To start their company and get its first product out the door, the founders of software maker 280 North Inc. needed little more than a half-dozen computers and a roof overhead.
Francisco Tolmasky, Ross Boucher and Tom Robinson kept costs in check by using code available free on the Web and renting storage on the cheap from Amazon.com Inc. Expenses are about $4,500 a month, and the San Francisco company -- two years after getting off the ground -- is close to making a profit.
From Silicon Valley to New York, technology startups are tapping individual investors, friends and their own savings to fund operations and product development. That helps owners keep greater control of their companies and more of the equity. After only raising about $100,000, 280 North says it has plenty of cash to get another product to market.
“The biggest line item in these companies now is rent and food,” said Chris Sacca, a former Google Inc. executive who has invested in 280 North and other early-stage startups. A decade ago, “I don’t think you could write a line of code for less than $1 million,” he said.
That means there’s less demand for big venture investments. The size of the average venture round has shrunk by half to $6.3 million since the dot-com bubble in 2000, according to the National Venture Capital Association in Arlington, Virginia. The figures don’t include smaller financings, known as angel investments, that often aren’t made public.
Startups are getting by on less because they don’t need to pay for software from Microsoft Corp. and Oracle Corp. -- free programs are available from Google and the open-source community. And instead of using servers and storage from International Business Machines Corp. and Hewlett-Packard Co., they can pay much less for Web-based services from Amazon.com and Rackspace Hosting Inc.
Foursquare Labs Inc., a New York startup that lets people share their whereabouts via mobile phones, has parlayed an angel investment into a business with more than 1 million users. And San Francisco’s Flowtown Inc., a maker of software for businesses, used money from friends and family to establish a customer base of 7,000.
The large venture capital firms typically don’t make those kinds of investments, since they’re aiming for bigger bets and bigger returns. Firms such as New Enterprise Associates, Norwest Venture Partners and Khosla Ventures have raised billion-dollar funds in the past year.
Sacca took a different approach when he started his firm, Truckee, California-based Lowercase Capital. He realized that if Web companies only need him to write checks of $25,000 to $100,000, a much smaller fund made sense. So he raised a pool of less than $10 million.
The bootstrapping trend is depriving large venture funds of some of the most promising potential investments, says Steve Blank, an eight-time entrepreneur who teaches classes at Stanford University and the University of California at Berkeley.
“If you’ve got a billion-dollar fund, there’s no way the math works for you to put half a million dollars to work,” Blank said. “The most exciting and profitable areas the past couple years have been Internet startups, which structurally, the big guys with the billion-dollar funds can’t attack.”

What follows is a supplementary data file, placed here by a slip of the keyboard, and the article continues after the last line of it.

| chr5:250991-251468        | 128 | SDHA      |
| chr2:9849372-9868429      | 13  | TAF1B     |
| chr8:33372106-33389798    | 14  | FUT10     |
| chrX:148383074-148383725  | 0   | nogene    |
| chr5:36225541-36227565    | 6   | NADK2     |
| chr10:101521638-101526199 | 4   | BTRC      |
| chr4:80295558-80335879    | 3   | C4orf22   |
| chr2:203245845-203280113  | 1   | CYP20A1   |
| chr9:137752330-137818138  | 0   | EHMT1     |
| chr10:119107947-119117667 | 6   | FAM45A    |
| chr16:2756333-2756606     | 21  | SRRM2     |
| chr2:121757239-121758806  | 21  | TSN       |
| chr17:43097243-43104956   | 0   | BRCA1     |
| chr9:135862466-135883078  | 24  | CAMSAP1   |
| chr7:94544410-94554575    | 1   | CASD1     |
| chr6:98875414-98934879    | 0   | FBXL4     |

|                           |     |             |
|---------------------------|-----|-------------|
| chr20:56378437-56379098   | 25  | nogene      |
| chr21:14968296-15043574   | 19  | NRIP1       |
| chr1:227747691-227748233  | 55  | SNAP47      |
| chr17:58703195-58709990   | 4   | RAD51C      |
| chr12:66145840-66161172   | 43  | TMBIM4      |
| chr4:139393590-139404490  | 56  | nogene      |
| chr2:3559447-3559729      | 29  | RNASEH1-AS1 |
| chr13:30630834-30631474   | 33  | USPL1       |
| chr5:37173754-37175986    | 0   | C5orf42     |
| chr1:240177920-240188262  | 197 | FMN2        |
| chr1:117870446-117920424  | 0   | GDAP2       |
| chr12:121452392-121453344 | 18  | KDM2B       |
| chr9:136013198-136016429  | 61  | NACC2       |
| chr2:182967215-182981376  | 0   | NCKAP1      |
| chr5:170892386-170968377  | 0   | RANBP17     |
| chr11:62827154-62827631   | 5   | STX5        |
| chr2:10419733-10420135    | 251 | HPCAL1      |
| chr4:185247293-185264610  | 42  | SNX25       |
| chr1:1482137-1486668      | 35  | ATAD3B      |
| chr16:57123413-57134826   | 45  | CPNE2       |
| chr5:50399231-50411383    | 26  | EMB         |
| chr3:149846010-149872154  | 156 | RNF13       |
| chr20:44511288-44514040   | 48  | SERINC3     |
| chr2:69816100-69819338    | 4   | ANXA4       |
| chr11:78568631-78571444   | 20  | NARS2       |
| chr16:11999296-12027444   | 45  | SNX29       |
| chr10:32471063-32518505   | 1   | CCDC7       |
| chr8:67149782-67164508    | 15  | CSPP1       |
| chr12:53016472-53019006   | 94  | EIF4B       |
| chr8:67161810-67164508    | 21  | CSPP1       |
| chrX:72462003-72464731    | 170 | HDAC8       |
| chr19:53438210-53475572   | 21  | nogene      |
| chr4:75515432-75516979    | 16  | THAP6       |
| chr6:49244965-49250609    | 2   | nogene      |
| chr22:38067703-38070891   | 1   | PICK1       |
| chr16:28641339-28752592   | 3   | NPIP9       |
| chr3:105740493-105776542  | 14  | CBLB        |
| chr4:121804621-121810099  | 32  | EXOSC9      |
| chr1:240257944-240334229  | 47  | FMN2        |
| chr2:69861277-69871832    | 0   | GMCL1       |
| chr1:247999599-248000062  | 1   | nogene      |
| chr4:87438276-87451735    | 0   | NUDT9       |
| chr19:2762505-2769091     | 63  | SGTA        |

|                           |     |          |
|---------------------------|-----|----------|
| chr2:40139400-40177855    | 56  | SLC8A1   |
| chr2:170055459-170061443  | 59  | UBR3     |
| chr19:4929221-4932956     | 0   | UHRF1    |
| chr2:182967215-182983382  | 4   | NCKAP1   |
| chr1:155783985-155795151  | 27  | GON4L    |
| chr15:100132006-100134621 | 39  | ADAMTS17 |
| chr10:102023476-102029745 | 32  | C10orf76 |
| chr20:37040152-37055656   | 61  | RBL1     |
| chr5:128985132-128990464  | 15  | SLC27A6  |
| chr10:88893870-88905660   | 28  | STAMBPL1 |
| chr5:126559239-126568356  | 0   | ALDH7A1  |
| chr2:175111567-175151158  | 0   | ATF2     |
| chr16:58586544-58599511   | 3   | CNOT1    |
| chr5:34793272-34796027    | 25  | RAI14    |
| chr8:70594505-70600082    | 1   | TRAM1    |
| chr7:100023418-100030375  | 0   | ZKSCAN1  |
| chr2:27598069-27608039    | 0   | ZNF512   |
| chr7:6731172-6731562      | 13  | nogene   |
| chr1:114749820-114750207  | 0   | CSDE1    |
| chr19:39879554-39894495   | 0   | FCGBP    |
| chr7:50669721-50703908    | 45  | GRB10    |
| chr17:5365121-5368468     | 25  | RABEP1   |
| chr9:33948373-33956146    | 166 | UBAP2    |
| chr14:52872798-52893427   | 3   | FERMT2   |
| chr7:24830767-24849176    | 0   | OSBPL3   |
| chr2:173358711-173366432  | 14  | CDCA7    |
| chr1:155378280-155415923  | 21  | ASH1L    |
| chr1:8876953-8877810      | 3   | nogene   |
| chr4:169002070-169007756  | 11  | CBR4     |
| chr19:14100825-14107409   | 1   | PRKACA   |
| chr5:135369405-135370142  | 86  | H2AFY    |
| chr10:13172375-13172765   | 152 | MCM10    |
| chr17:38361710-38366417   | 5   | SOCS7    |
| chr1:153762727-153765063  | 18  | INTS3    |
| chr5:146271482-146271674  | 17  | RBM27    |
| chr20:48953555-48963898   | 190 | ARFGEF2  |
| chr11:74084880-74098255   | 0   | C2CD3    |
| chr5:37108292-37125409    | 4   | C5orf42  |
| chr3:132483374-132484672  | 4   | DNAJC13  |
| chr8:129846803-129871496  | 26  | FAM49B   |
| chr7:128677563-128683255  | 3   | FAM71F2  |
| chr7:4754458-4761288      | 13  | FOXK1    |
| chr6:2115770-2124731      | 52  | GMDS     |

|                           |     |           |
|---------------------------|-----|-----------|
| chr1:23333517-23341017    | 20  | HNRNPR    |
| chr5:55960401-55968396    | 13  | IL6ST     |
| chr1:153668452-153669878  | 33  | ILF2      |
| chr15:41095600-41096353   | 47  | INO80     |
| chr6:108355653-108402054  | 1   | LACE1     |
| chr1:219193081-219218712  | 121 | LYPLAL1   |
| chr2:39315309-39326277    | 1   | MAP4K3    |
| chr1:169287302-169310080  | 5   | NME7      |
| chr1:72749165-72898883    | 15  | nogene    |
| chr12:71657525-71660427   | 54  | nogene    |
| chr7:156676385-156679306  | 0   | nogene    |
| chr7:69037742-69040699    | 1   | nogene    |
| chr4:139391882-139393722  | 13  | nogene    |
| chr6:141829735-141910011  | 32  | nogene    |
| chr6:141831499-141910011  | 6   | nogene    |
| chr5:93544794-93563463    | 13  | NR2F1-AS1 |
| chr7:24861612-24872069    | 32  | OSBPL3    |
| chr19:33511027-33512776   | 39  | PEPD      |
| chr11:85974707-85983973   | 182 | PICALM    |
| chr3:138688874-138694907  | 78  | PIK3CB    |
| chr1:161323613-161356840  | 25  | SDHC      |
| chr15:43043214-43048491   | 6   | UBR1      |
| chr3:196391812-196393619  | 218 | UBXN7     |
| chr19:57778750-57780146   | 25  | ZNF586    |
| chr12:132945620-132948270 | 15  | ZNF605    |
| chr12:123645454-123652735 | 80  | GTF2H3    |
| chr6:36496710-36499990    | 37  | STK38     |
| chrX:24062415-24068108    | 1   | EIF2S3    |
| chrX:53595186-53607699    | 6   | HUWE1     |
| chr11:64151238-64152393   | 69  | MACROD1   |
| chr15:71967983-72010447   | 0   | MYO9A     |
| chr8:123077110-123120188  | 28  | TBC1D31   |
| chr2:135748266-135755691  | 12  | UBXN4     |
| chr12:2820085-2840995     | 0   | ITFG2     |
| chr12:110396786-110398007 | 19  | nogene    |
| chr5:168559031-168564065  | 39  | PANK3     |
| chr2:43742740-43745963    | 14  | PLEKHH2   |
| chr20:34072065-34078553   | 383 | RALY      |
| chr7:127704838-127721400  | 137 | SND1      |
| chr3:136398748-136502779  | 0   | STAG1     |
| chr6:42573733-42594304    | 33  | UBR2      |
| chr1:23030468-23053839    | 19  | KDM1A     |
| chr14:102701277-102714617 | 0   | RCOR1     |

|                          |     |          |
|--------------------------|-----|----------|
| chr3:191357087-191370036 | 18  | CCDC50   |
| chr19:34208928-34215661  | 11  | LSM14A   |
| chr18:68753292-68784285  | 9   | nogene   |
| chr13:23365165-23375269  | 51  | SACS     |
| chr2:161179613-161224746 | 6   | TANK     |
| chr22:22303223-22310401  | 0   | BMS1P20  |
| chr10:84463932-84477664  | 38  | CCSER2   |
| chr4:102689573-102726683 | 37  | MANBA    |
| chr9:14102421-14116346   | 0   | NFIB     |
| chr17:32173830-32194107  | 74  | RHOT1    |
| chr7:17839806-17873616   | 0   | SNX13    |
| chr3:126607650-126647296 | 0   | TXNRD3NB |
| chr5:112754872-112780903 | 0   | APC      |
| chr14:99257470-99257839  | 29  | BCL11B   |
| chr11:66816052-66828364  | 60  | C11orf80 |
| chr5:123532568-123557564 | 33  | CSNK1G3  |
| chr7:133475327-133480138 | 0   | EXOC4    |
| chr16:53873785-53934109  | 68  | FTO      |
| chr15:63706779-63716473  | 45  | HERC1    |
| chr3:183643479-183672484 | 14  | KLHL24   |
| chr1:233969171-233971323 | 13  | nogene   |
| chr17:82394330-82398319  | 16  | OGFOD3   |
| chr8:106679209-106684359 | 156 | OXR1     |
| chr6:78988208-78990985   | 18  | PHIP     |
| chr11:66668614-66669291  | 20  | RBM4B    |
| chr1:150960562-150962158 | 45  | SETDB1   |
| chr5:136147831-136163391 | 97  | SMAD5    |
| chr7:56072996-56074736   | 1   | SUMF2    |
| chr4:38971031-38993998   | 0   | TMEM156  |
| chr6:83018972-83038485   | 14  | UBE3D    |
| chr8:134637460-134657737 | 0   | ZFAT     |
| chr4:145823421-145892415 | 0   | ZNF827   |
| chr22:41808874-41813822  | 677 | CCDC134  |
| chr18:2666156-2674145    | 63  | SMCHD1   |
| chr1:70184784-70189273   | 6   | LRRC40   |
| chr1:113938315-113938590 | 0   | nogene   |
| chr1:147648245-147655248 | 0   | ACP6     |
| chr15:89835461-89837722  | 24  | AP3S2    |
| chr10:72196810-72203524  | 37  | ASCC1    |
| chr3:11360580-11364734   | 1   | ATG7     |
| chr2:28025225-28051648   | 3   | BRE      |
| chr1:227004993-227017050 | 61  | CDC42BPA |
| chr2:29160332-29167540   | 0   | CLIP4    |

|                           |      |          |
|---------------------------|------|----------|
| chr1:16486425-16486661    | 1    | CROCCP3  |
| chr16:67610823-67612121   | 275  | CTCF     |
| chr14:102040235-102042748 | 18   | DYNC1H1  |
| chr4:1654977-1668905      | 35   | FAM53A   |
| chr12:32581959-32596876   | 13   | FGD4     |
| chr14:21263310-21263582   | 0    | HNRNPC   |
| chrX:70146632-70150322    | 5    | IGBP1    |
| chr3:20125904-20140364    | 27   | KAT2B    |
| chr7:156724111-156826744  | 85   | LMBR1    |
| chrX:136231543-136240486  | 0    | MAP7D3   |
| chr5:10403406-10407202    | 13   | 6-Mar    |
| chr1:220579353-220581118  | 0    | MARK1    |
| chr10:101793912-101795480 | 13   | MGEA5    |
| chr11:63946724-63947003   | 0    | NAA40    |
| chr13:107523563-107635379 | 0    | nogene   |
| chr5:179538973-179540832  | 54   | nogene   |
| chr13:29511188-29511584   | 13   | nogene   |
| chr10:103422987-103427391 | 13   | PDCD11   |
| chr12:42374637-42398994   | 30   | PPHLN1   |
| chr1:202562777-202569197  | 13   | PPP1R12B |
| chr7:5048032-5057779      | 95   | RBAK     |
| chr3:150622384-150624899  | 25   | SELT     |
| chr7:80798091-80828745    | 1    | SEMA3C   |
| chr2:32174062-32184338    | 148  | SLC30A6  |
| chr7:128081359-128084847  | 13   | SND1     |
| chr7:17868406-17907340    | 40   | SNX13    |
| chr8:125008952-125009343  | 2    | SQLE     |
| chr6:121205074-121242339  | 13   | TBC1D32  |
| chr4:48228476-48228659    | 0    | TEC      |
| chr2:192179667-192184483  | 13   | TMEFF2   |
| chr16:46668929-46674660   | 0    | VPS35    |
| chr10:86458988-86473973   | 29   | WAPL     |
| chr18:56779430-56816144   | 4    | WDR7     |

280 North began with a $20,000 investment from Y Combinator, a startup incubator that runs three-month programs to help its companies meet people in the industry. After going through the program in early 2008, the company’s founders rented an apartment together in San Francisco’s Haight-Ashbury district.
The founders, all in their mid-20s, studied engineering together at the University of Southern California in Los Angeles, where they built a program for developers to create Web applications. The free software, called Cappuccino, has been downloaded more than 100,000 times.
In December, 280 North started selling a test version of a product called Atlas that lets programmers quickly build graphical Web apps without needing to write code. The company plans to release the next version of Atlas this year and generate enough revenue to be profitable.
“Given the technology, it’s clear to us that this is not something that needs big venture capital,” said Tolmasky, who worked with Boucher at Apple for two years before starting 280 North. “We don’t need any sort of sophisticated hardware.”
Not all Silicon Valley startups are shying away from large investment rounds. Facebook Inc. has raised over $700 million in the past five years. And Twitter Inc., Zynga Game Network Inc. and Chegg Inc. have each raised more than $100 million.
Still, to get into startups when prices are cheap, investors have to write smaller checks than in the past, says Geoff Yang, a founding partner at Menlo Park, California-based Redpoint Ventures. The amount his firm expects to invest in a typical Internet or software company has declined by 60 percent over the past decade, he says.
“An increasing trend is big funds like ours banding with angels and writing small checks just to try and get a foot in the door,” said Yang, whose previous investments include MySpace and TiVo Inc.
On about $100,000, Flowtown has rented space in Twitter’s San Francisco office building and created a product for small businesses and nonprofits. Flowtown’s software helps companies communicate with customers by using data from social networks like Facebook.
While Flowtown reached profitability last year, founder Ethan Bloch says the three-person company is still searching for its business model and using customer feedback to find glitches and improve features. Rather than raise money now to expand, Bloch wants to have a clearer sense of where the company is going. He’s in no rush.
“It was extremely cheap to get this first iteration of Flowtown up,” said Bloch, 24. “We want to get to a point where we really feel confident that we’ve found the model. That would be better for Flowtown and our potential investors.”